All the devices on each floor are connected to a single floor-level switch. This is typically referred to as the access layer, in which the attached devices are hooked into a wider network. Often, the individual links between devices and the floor-level switches are 10Mbps Ethernet.
The floor-level switches are in turn connected into a second layer of switches (via Links 1, 2, and 3). The Links 1, 2, and 3 are often 1Gbps Ethernet (or GigE). This middle tier of switches acts as an aggregation layer, bringing all the connected elements together. This is sometimes called the distribution layer, and these devices can be connected to a third switch. The latter is the core layer. Again, the bandwidth of the links to the core switch is of the order of several Gbps.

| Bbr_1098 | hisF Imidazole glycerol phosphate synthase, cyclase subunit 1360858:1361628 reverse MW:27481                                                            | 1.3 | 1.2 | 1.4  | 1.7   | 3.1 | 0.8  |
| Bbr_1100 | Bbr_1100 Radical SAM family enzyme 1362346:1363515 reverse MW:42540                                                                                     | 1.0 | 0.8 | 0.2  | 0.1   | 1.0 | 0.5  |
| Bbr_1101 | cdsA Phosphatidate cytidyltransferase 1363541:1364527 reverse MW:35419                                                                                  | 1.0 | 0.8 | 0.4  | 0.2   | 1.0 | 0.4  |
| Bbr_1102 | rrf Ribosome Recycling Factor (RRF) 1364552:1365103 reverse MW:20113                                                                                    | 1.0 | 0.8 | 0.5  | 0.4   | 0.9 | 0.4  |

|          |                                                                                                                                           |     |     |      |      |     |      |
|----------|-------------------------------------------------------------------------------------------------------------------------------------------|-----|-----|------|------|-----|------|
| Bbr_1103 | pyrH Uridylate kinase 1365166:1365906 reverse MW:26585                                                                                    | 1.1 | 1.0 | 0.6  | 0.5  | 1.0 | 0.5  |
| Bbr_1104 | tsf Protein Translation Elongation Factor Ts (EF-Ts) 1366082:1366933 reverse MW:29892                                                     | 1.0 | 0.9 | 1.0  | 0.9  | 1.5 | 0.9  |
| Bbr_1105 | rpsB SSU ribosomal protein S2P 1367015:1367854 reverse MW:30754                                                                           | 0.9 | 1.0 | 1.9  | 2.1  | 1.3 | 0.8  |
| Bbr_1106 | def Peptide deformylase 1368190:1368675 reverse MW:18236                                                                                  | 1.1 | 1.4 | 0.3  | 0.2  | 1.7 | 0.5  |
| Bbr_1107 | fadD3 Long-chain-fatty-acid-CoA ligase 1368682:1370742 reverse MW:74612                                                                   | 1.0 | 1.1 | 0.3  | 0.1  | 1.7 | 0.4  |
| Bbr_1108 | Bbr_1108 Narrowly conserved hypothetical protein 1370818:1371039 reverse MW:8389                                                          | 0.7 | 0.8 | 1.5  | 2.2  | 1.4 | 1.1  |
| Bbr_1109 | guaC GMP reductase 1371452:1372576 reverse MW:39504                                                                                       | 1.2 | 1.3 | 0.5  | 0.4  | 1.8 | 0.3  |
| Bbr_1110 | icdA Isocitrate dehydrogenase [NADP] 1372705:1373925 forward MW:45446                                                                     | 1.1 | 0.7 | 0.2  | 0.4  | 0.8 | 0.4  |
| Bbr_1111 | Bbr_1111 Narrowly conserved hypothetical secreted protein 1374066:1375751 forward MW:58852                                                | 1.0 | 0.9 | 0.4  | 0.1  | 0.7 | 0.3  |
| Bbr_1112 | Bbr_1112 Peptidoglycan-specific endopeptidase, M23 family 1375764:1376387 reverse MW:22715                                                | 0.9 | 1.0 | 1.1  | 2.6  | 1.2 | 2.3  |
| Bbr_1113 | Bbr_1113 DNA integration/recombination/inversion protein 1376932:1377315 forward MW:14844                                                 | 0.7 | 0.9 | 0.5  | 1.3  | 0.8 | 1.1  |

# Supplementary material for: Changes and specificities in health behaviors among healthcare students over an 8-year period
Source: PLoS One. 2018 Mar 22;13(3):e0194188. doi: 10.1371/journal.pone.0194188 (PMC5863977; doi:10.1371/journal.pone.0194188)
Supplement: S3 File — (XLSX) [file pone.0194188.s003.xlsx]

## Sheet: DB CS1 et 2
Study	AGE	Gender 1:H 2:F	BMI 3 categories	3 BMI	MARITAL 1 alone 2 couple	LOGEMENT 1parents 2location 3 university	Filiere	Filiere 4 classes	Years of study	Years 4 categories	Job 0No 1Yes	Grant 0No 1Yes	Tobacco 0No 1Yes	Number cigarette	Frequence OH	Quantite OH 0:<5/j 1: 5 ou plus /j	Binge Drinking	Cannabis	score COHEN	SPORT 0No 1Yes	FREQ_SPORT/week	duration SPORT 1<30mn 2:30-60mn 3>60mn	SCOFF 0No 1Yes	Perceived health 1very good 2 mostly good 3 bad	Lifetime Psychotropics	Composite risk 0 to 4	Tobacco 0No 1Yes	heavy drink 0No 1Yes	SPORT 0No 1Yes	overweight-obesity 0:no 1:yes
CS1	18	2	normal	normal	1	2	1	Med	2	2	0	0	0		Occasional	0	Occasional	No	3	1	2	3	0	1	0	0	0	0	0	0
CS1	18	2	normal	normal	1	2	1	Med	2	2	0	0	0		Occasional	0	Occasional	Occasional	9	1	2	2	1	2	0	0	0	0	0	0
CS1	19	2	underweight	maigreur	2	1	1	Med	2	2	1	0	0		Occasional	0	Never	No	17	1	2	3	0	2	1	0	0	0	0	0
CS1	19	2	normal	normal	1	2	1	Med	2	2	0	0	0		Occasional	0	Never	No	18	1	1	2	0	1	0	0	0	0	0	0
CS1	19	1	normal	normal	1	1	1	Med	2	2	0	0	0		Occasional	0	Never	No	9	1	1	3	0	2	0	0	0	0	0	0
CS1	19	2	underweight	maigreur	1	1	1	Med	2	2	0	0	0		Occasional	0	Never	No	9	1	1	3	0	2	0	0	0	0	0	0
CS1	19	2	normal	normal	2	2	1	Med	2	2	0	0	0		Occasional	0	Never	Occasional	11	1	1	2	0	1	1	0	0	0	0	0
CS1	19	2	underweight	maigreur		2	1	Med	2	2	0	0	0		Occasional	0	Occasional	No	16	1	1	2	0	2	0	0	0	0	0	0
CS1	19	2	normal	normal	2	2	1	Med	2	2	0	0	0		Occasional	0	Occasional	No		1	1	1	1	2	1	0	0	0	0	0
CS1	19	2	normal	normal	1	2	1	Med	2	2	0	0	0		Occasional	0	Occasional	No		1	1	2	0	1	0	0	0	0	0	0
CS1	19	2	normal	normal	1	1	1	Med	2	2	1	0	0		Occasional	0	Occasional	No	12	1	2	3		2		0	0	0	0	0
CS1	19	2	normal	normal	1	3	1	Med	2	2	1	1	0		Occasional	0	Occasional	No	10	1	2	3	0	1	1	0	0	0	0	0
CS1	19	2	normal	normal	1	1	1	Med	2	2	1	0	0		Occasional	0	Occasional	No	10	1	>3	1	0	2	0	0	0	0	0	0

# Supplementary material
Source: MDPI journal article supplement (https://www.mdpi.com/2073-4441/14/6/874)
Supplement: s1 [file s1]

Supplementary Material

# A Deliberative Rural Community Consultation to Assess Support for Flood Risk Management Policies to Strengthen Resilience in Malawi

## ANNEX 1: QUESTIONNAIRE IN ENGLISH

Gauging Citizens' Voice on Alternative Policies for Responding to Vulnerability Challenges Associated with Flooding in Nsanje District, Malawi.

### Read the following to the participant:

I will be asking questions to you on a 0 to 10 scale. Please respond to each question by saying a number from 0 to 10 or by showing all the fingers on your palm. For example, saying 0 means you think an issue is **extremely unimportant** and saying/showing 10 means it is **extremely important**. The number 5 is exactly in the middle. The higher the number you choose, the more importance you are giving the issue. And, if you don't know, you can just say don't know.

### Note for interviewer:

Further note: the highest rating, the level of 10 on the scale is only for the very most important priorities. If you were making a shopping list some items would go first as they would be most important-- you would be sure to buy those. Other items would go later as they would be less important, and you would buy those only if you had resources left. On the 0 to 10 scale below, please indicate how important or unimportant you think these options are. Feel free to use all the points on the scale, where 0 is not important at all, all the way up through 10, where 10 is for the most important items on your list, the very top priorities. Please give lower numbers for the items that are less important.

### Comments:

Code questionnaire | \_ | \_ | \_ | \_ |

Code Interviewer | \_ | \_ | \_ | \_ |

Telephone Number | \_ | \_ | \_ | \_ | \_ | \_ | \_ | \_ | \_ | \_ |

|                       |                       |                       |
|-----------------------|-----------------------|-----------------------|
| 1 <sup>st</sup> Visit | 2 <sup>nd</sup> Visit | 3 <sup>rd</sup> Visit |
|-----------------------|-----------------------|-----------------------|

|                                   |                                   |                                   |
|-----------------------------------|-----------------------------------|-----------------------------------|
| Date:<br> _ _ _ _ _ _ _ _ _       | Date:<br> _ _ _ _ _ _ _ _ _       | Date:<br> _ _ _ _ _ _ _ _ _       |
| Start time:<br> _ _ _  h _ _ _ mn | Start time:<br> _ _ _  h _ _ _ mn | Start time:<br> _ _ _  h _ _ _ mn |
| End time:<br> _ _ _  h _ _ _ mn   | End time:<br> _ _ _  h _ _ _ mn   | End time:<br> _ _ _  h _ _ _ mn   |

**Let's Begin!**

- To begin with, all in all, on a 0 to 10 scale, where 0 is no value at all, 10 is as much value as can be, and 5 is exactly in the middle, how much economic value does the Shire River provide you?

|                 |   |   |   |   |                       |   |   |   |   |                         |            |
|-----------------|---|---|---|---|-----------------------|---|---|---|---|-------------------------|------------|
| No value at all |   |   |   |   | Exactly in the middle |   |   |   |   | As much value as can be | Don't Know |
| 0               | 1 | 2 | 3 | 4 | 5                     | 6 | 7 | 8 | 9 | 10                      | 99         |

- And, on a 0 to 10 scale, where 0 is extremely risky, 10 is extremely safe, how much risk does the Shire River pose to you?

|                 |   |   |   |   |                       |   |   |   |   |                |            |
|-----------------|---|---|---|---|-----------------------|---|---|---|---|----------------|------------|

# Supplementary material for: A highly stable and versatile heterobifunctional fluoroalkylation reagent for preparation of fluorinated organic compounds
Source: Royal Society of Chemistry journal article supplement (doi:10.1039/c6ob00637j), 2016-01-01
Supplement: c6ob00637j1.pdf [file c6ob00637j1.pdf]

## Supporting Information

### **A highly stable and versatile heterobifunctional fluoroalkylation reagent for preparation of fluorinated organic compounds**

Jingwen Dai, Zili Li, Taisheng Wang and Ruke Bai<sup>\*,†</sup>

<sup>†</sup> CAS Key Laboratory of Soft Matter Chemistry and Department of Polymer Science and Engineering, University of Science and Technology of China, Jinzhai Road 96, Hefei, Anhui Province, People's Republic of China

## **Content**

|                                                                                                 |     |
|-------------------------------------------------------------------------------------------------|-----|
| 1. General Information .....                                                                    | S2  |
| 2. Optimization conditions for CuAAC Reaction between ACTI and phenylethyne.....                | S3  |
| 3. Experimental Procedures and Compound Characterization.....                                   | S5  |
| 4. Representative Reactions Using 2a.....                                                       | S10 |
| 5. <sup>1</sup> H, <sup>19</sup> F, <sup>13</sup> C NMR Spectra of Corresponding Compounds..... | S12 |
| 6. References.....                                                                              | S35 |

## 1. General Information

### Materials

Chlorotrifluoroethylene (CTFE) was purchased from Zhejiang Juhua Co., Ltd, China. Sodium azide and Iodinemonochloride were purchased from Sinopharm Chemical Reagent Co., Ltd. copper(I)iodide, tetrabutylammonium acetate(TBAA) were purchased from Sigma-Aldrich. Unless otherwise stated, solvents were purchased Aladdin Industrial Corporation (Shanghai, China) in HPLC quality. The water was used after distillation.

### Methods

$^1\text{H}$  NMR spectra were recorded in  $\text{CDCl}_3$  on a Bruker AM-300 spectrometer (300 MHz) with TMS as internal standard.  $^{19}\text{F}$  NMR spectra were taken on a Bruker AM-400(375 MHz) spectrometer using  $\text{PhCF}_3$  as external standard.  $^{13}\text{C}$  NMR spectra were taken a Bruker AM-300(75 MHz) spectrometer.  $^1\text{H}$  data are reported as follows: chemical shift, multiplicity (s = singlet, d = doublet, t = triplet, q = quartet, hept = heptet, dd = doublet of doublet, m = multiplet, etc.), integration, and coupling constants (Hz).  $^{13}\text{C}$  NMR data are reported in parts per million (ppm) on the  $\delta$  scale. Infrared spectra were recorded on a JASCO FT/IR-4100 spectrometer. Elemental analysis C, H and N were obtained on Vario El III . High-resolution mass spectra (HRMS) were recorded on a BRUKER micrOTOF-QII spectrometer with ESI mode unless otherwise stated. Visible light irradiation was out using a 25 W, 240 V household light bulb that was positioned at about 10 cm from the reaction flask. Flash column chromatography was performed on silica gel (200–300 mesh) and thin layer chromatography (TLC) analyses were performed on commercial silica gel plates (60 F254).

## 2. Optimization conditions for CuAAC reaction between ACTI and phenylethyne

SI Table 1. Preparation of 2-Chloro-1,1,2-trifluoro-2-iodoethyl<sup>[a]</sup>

Why have three network layers? The main reason is flexibility and ease of upgrade. The floor-level elements (computers and PBX, on floor 3) are isolated from the other two switch layers. If more devices are added to a given floor, any effect this hardware addition might have on the other equipment layers is minimized. This use of hardware layering is more generally referred to in computer science as separation of concerns and reflects the move away from monolithic arrangements. In fact, the emerging discipline of software architecture makes extensive use of this concept. You might say it's "the joy of separation!"